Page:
GETTING HEALTH CARE BACK ON TRACK?…. Everyone in, near, or around the debate over the future of health care reform watched very closely last night, waiting for signals in President Obama’s State of the Union address about the road ahead. Given some of the remarks from lawmakers earlier in the week, the fate of reform would be heavily influenced by what the president had to say.
So, did the president single-handedly save the struggling initiative with one section of one speech? Probably not, but that would be unrealistic anyway. Obama did, however, give reform a much-needed boost, and with some meaningful follow-up, the measure may yet succeed.
There’s been some debate over the last 12 hours about whether the president did enough. It’s not an unreasonable question — the speech did not give lawmakers “marching orders,” did not set a deadline for passage, and did not lay out a specific strategy for what to do next. But I’m not sure that’s what the State of the Union is for, exactly.
Obama instead chose to “clear a few things up” about why reform is necessary, and why the Democratic plan has merit. (If he weren’t still trying to get the proposal through, he wouldn’t have bothered presenting a defense of it.) Indeed, there was a fairly detailed recitation of some of the key, easy-to-understand benefits of the bill that’s so close to passage, and an explanation of why things will get worse if reform fails.
He wrapped up the point by urging passage.
“I will not walk away from these Americans, and neither should the people in this chamber.
“So, as temperatures cool, I want everyone to take another look at the plan we’ve proposed. There’s a reason why many doctors, nurses, and health care experts who know our system best consider this approach a vast improvement over the status quo. But if anyone from either party has a better approach that will bring down premiums, bring down the deficit, cover the uninsured, strengthen Medicare for seniors, and stop insurance company abuses, let me know. Let me know. Let me know. I’m eager to see it.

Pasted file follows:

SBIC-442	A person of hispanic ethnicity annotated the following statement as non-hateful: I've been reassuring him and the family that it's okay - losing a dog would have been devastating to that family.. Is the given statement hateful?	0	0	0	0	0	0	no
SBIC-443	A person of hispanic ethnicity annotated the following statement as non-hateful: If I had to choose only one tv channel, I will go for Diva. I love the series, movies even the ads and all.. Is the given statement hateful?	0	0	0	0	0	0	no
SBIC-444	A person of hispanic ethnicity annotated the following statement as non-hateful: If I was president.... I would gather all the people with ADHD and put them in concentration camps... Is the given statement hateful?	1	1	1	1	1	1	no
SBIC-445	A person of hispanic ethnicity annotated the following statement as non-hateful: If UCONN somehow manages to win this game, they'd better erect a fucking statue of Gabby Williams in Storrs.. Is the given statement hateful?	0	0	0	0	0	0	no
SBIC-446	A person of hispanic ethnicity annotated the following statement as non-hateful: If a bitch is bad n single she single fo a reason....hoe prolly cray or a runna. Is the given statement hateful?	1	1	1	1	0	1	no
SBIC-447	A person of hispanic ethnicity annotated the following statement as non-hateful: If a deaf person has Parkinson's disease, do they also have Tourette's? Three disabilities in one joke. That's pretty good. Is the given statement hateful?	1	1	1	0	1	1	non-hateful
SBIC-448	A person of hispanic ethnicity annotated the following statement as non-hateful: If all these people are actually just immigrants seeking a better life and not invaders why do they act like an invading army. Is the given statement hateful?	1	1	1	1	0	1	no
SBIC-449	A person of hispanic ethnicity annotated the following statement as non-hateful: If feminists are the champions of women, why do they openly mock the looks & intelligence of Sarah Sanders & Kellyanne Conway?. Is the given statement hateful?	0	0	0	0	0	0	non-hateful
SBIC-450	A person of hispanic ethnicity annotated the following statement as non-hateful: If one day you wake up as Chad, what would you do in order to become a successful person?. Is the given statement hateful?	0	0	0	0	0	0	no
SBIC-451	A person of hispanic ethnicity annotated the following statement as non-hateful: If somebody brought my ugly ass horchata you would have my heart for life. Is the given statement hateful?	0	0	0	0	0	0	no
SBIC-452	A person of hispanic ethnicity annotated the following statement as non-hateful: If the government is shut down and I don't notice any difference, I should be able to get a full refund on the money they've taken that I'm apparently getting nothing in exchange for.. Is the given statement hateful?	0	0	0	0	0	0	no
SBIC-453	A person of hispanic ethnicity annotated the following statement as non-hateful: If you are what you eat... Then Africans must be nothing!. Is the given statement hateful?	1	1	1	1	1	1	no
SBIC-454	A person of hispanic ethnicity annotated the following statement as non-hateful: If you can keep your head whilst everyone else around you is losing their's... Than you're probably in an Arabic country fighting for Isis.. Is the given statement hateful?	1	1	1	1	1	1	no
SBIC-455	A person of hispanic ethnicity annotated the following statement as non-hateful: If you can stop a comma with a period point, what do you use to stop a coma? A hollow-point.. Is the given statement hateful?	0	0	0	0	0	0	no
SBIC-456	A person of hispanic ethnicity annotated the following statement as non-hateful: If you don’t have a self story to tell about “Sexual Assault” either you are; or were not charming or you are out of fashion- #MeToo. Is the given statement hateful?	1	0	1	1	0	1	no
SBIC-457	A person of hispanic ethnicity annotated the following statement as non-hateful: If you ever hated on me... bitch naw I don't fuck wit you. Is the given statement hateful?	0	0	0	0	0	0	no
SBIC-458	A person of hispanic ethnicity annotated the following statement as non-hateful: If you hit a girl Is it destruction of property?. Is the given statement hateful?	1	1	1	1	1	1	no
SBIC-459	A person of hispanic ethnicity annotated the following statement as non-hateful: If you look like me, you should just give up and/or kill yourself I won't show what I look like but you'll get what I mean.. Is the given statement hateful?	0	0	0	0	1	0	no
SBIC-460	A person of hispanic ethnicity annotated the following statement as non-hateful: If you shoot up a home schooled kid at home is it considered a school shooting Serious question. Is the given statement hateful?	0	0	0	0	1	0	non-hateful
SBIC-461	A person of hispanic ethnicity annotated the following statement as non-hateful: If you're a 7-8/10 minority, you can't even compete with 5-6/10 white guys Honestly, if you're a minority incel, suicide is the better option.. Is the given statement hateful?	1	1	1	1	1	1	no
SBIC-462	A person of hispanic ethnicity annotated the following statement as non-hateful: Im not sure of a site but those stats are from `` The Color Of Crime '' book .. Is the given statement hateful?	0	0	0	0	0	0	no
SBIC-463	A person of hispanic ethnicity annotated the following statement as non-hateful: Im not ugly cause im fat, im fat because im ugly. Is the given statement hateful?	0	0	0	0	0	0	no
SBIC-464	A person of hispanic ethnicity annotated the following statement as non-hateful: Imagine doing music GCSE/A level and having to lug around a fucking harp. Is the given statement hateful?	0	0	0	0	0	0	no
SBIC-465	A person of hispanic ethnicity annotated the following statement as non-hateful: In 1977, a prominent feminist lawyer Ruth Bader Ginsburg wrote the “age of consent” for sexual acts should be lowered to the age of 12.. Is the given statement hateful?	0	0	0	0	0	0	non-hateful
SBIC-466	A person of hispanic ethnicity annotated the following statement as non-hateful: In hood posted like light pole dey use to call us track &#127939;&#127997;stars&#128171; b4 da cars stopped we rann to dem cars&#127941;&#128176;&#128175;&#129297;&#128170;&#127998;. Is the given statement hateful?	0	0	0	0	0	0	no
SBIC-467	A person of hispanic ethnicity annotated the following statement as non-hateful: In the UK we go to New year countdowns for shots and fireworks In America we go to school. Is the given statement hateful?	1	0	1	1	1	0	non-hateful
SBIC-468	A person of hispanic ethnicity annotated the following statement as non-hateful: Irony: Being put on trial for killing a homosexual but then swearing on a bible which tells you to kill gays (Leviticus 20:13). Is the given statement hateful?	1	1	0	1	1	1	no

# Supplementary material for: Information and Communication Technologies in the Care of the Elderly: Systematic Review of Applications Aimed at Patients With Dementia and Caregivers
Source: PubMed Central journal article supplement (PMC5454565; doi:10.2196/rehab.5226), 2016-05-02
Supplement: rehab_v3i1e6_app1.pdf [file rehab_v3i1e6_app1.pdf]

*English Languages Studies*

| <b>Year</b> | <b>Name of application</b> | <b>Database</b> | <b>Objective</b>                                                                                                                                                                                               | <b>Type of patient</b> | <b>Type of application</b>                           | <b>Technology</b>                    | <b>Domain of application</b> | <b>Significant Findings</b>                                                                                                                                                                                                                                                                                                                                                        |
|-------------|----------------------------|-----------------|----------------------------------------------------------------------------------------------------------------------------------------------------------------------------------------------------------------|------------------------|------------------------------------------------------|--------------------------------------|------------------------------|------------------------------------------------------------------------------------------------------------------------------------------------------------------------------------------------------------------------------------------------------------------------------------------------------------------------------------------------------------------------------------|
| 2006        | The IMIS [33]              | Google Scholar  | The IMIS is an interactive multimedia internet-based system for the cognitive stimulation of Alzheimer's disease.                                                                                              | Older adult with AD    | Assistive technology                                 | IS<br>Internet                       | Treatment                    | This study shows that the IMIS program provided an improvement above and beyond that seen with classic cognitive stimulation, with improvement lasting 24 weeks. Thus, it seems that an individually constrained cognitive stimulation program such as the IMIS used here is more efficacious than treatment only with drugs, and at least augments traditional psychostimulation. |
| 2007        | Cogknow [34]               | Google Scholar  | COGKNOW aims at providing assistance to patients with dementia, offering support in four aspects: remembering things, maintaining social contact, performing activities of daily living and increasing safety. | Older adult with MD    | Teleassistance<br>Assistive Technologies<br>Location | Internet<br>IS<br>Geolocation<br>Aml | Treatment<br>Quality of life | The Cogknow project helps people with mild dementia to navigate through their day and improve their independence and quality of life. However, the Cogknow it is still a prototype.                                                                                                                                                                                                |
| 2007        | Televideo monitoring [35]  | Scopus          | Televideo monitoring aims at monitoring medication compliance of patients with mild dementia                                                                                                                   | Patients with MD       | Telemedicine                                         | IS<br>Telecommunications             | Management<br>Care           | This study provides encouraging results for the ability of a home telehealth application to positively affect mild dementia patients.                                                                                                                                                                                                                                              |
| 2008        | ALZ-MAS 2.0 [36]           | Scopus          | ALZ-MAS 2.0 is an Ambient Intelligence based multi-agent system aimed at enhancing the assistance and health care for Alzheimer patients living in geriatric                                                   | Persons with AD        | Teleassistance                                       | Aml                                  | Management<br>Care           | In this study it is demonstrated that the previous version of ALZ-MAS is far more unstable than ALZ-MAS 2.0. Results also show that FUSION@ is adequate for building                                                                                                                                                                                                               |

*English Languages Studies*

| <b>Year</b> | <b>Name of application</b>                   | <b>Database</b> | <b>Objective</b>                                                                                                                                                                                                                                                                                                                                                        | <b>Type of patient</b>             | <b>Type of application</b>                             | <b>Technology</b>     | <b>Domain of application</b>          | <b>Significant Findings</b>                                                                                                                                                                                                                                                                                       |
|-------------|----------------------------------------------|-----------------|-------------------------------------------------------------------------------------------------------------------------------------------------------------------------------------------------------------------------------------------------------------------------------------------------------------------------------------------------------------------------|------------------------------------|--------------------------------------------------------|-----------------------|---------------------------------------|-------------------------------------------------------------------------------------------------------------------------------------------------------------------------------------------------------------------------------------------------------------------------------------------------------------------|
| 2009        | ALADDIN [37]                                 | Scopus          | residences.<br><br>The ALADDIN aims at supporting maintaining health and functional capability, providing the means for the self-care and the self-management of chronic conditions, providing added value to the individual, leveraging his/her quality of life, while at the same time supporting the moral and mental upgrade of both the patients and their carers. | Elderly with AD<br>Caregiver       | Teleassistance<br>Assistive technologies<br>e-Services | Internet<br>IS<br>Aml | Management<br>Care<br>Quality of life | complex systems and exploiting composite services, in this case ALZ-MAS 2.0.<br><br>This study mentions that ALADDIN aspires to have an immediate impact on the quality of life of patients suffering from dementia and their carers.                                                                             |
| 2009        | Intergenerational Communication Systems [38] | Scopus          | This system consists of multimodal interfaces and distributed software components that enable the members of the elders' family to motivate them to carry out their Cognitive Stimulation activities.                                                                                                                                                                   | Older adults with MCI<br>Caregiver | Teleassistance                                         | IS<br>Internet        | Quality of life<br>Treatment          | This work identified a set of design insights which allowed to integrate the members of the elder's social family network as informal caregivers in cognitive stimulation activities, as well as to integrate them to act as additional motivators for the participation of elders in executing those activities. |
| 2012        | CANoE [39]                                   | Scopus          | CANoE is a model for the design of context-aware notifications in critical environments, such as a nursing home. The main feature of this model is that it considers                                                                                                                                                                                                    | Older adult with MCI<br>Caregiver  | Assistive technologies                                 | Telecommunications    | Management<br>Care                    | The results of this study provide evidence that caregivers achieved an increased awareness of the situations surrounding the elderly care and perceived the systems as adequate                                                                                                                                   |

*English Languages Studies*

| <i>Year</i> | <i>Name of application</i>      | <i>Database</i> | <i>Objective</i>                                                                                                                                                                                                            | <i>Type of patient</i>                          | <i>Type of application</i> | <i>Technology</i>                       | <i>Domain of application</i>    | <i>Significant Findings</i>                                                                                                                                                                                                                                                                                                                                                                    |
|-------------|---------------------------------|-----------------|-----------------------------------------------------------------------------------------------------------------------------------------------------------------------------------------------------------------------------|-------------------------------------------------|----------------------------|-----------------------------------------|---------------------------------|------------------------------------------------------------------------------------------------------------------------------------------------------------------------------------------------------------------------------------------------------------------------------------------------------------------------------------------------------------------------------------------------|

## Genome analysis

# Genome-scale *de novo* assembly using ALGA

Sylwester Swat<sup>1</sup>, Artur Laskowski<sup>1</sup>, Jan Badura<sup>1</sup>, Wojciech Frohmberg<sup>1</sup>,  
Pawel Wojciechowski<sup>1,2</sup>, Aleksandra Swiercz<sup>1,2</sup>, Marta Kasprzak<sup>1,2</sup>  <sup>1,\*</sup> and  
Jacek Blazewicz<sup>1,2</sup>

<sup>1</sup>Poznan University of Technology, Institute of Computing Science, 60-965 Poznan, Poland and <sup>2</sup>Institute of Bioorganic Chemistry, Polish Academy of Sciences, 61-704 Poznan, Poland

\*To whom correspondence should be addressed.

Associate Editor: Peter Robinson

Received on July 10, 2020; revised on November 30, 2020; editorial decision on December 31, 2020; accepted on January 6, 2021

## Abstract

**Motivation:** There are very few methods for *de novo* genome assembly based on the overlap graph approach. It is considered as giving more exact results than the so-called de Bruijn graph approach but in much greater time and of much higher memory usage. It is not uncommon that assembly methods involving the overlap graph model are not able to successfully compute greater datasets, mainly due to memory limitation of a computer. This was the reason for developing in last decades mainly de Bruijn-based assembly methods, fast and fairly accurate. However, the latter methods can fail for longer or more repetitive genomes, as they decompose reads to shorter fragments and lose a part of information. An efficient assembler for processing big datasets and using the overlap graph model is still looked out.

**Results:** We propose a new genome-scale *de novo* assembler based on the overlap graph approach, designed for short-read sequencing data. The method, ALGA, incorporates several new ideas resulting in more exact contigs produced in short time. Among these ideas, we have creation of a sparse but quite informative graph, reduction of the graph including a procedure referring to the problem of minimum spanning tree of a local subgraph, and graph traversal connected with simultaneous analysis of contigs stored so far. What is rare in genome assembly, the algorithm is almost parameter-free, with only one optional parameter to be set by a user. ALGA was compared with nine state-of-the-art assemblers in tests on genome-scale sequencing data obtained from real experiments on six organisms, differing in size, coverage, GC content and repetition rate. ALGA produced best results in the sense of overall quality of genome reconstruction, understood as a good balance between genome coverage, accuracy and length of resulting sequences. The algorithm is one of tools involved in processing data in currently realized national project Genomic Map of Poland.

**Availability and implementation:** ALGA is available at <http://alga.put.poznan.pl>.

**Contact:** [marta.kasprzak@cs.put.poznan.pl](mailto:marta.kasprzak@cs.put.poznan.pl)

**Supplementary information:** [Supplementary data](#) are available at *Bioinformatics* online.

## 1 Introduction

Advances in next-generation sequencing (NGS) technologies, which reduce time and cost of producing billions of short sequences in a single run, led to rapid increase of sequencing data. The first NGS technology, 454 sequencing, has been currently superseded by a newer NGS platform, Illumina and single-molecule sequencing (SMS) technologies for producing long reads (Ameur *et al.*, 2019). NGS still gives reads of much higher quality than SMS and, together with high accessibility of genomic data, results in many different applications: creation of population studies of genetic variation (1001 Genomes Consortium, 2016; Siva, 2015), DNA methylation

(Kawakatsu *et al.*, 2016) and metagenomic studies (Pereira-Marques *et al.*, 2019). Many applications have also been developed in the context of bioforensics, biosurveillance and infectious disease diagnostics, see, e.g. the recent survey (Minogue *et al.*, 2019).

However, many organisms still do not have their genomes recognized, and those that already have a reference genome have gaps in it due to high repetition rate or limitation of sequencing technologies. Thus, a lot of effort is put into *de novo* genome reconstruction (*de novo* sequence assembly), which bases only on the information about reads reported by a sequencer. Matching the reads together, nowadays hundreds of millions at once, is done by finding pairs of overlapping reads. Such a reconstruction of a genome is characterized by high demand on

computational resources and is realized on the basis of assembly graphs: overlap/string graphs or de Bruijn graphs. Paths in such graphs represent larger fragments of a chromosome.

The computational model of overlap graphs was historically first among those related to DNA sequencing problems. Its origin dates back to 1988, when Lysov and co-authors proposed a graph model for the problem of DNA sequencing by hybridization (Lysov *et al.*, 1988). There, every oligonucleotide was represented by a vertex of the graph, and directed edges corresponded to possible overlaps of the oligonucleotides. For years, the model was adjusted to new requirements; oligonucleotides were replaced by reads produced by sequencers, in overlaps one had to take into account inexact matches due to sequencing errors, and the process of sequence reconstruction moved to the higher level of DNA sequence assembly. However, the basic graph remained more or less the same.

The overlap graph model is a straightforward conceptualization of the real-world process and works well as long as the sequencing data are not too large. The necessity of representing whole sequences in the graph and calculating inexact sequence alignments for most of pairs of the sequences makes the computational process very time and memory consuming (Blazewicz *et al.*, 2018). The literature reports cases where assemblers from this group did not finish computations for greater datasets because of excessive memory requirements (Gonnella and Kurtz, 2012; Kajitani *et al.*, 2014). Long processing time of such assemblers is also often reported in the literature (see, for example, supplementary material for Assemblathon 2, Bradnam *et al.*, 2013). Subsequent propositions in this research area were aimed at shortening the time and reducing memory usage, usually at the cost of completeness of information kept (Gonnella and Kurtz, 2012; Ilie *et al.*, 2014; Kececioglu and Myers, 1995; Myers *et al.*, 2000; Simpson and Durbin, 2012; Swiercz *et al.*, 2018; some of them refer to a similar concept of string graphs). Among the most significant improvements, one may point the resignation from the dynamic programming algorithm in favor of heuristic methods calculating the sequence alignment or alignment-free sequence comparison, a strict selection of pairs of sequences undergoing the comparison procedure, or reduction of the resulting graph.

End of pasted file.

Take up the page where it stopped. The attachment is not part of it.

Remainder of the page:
“Here’s what I ask Congress, though: Don’t walk away from reform. Not now. Not when we are so close. Let us find a way to come together and finish the job for the American people. Let’s get it done.”
Soon after, in a related reminder, the president told Democratic lawmakers, “I would remind you that we still have the largest majority in decades, and the people expect us to solve problems, not run for the hills.”
Now, I’ve seen some suggest that by inviting others to present “a better approach,” Obama was signaling his willingness to accept a watered-down bill. I actually thought it was the opposite. He set the goal posts in place — lower premiums, deficit reduction, coverage for the uninsured, strengthening Medicare, strong consumer protections — knowing full well that reform’s critics can’t present a plan that will meet these tests.
And what about the reactions? Brian Beutler talked to several Democratic lawmakers who said the president’s remarks helped, but the House is still looking to the Senate to act, and vice versa. Jonathan Cohn added, “I canvassed about ten key sources on Capitol Hill, focusing on the members, staff, and advocates most committed to passing reform. Every one (literally) seemed relatively pleased and some seemed very pleased, even without the step-by-step instructions…. Obama gave reform advocates the support, and cover, they needed.”
So, health care reform lives, at least for now. The White House is going to have to do more in the coming days to keep the effort on track, and pressure on Congress from the public will have to continue, but at a minimum, the State of the Union kept hope alive.